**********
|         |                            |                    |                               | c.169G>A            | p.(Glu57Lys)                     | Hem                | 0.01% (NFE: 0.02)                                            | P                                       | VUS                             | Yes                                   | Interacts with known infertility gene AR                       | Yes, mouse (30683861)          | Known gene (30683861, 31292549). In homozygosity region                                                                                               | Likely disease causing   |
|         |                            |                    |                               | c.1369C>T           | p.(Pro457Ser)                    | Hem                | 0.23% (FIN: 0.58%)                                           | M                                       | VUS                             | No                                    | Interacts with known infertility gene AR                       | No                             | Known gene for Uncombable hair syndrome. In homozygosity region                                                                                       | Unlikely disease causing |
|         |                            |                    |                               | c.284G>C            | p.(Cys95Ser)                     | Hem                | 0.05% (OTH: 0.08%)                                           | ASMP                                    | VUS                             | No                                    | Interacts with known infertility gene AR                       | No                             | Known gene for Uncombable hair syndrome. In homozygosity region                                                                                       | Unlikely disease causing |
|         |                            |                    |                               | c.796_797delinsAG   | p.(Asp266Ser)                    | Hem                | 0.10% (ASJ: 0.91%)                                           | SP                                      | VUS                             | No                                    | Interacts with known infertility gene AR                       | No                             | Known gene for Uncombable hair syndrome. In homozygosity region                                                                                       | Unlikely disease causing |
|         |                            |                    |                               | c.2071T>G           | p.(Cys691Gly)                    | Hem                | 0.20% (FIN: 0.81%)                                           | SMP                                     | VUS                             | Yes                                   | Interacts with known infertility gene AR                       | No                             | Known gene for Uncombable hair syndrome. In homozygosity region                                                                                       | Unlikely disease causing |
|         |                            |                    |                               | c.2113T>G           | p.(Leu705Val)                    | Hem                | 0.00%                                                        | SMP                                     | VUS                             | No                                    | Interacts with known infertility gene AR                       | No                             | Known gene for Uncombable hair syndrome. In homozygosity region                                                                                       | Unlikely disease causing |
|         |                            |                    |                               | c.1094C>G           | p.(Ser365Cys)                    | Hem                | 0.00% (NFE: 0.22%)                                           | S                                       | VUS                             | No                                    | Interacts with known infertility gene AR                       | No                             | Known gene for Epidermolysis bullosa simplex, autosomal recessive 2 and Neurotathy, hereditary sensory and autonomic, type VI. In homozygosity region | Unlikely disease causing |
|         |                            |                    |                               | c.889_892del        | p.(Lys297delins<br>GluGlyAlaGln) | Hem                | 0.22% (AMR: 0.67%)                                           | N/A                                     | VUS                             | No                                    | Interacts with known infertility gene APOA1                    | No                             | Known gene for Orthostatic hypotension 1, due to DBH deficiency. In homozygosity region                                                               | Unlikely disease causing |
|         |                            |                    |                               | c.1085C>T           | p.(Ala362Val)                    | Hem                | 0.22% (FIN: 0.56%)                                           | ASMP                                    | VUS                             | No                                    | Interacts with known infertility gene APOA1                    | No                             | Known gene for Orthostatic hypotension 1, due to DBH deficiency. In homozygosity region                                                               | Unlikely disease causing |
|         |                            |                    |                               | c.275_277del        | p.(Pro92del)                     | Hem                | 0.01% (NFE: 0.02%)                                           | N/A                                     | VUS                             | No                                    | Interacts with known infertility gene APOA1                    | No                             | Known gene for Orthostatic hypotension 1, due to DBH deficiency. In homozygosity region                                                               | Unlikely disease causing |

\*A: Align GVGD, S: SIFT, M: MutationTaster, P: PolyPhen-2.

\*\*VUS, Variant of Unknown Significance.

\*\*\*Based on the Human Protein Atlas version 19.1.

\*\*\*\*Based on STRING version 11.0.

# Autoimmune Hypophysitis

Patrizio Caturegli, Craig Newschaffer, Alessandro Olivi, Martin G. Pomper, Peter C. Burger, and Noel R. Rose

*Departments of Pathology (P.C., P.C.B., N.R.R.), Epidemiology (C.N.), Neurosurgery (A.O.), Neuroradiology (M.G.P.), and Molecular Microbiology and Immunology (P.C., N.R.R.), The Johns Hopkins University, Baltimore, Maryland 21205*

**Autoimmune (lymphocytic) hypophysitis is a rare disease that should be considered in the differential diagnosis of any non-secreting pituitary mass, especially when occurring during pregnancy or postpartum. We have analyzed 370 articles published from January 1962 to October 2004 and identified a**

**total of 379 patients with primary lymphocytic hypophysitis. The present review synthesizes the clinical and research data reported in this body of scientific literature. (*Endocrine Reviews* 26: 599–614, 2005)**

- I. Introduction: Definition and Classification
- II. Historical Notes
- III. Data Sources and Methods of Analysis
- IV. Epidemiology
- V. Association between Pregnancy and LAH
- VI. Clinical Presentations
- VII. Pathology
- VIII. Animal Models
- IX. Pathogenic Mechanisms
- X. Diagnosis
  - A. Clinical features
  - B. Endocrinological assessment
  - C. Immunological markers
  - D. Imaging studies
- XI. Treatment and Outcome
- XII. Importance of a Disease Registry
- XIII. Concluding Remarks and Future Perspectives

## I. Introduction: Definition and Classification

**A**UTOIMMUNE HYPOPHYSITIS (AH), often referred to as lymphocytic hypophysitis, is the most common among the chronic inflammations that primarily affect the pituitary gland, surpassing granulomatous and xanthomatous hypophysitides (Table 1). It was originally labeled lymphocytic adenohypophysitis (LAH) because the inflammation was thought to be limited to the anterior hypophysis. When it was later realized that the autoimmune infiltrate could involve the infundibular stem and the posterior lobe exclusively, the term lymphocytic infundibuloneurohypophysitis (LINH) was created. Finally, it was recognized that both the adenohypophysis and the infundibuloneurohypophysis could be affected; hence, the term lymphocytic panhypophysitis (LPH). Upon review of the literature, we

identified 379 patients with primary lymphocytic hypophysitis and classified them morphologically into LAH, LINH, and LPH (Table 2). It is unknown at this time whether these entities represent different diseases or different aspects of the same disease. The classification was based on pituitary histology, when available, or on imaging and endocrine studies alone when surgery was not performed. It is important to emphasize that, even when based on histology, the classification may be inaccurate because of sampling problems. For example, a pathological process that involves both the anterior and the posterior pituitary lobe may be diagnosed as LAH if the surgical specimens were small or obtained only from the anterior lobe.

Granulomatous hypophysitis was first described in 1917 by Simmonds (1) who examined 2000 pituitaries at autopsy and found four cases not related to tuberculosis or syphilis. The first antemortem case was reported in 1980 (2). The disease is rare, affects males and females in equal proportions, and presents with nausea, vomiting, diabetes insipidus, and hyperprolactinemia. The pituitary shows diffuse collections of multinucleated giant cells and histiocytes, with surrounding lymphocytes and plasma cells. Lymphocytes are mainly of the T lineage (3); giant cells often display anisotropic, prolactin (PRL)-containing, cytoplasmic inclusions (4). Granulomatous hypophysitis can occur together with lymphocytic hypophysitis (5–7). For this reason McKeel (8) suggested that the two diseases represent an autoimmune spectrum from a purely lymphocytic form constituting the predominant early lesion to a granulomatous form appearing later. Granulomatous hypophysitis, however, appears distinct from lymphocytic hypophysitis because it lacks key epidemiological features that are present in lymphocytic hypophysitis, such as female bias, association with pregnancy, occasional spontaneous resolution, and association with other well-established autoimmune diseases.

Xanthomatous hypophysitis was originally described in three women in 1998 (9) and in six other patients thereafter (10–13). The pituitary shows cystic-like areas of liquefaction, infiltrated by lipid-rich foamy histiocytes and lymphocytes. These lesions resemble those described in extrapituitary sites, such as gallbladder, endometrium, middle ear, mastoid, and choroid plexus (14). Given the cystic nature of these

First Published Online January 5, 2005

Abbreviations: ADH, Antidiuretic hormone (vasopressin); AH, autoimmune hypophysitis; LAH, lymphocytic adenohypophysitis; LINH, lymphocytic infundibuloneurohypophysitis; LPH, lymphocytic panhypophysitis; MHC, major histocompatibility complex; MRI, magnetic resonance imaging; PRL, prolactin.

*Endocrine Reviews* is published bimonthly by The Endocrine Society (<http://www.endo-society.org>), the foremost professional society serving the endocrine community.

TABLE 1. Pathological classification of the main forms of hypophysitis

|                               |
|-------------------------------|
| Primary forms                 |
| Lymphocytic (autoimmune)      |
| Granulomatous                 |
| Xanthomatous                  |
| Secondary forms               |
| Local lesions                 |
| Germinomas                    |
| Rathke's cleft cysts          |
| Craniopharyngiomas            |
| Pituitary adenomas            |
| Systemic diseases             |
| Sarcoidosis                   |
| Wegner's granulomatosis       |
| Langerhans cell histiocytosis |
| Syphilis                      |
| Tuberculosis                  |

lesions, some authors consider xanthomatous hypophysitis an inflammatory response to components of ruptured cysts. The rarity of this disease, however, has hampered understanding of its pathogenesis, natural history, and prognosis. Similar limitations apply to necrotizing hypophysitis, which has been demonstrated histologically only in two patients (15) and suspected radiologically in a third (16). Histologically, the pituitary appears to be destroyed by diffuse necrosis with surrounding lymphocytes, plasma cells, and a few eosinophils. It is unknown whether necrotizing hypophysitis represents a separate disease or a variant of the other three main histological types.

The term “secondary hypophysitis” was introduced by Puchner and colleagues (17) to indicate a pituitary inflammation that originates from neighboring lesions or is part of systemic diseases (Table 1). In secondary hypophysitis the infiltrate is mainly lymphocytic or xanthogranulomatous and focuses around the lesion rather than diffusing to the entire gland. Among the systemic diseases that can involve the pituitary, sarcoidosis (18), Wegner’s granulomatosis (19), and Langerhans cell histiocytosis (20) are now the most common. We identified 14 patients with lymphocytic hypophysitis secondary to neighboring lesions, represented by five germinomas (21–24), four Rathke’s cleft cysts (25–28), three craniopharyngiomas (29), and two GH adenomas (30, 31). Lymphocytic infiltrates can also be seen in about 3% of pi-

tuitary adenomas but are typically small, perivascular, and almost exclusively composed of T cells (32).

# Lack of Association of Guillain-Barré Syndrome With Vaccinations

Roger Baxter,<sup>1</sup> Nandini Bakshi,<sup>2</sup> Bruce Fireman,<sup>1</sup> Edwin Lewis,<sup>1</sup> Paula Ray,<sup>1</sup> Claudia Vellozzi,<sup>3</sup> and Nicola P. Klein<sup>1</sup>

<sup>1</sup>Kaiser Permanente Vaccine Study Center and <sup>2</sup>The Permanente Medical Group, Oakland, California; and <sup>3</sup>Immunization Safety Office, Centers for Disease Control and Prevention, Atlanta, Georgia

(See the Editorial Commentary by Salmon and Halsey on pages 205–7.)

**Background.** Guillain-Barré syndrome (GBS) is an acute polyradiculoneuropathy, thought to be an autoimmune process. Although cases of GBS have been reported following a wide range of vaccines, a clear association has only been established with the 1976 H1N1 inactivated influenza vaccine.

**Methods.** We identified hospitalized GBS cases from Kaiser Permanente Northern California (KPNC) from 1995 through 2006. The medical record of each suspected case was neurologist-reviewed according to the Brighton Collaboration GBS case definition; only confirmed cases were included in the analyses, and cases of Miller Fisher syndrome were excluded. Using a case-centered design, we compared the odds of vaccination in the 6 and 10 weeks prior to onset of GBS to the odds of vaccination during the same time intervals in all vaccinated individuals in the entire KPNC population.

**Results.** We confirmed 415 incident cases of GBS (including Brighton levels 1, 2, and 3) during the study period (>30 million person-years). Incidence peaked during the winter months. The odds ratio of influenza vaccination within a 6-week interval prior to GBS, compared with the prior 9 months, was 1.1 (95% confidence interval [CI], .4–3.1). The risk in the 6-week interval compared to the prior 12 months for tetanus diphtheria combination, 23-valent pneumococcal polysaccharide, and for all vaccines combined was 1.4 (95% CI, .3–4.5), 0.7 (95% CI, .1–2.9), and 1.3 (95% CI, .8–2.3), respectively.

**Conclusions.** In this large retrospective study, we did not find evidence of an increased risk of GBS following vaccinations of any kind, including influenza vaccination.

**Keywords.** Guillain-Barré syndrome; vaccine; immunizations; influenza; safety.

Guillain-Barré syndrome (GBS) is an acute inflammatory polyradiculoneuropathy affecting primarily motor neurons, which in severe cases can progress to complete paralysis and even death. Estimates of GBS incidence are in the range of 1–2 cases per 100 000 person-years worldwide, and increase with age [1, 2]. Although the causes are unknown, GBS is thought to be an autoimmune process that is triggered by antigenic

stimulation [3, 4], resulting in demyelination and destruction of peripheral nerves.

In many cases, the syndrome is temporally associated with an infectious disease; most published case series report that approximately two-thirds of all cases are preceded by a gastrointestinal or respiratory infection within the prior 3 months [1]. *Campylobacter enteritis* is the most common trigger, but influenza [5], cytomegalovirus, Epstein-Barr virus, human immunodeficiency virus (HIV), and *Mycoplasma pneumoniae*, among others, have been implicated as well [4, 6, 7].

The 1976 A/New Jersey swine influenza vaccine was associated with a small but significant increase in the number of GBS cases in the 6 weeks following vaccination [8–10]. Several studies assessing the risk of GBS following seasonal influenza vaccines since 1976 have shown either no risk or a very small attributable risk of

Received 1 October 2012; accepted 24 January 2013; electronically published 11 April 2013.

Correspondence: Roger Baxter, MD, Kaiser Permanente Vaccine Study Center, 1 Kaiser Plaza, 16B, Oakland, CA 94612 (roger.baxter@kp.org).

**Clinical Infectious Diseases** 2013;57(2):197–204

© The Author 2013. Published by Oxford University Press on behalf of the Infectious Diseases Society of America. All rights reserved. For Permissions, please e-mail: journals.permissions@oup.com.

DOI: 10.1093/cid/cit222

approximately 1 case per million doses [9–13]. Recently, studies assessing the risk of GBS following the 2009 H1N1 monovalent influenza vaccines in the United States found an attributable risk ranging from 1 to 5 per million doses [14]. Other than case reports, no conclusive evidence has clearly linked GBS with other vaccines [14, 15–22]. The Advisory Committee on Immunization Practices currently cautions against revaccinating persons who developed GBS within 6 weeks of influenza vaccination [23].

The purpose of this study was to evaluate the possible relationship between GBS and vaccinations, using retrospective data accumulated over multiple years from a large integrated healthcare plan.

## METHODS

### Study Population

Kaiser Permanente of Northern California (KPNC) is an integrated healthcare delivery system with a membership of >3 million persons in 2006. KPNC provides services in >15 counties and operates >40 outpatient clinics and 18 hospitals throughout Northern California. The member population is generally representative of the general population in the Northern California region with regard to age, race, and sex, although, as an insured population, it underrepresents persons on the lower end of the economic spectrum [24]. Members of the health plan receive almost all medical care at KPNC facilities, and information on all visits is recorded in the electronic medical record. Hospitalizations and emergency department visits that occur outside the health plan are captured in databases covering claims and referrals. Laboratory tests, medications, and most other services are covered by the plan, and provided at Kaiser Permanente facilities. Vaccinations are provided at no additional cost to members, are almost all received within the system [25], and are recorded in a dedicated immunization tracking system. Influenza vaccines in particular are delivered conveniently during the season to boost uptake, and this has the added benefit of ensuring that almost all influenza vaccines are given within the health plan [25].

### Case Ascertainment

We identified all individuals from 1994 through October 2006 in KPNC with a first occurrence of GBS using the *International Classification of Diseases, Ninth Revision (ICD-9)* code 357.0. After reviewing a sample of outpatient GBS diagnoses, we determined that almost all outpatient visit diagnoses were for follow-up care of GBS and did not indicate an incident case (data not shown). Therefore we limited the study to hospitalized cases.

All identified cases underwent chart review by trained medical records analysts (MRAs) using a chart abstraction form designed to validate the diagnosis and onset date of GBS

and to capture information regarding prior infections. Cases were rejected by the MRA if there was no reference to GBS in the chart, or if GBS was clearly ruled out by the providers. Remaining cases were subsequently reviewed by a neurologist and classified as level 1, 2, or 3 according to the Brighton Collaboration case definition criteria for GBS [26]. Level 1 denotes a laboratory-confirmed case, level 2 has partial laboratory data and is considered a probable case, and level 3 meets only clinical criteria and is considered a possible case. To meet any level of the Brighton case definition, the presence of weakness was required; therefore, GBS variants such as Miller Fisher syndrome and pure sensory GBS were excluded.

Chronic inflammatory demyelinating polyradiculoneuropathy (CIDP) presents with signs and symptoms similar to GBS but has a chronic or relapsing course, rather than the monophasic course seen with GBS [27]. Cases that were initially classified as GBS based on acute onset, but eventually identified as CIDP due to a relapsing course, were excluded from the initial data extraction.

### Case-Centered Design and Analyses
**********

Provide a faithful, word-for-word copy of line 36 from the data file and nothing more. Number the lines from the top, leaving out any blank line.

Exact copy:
- XIII. Concluding Remarks and Future Perspectives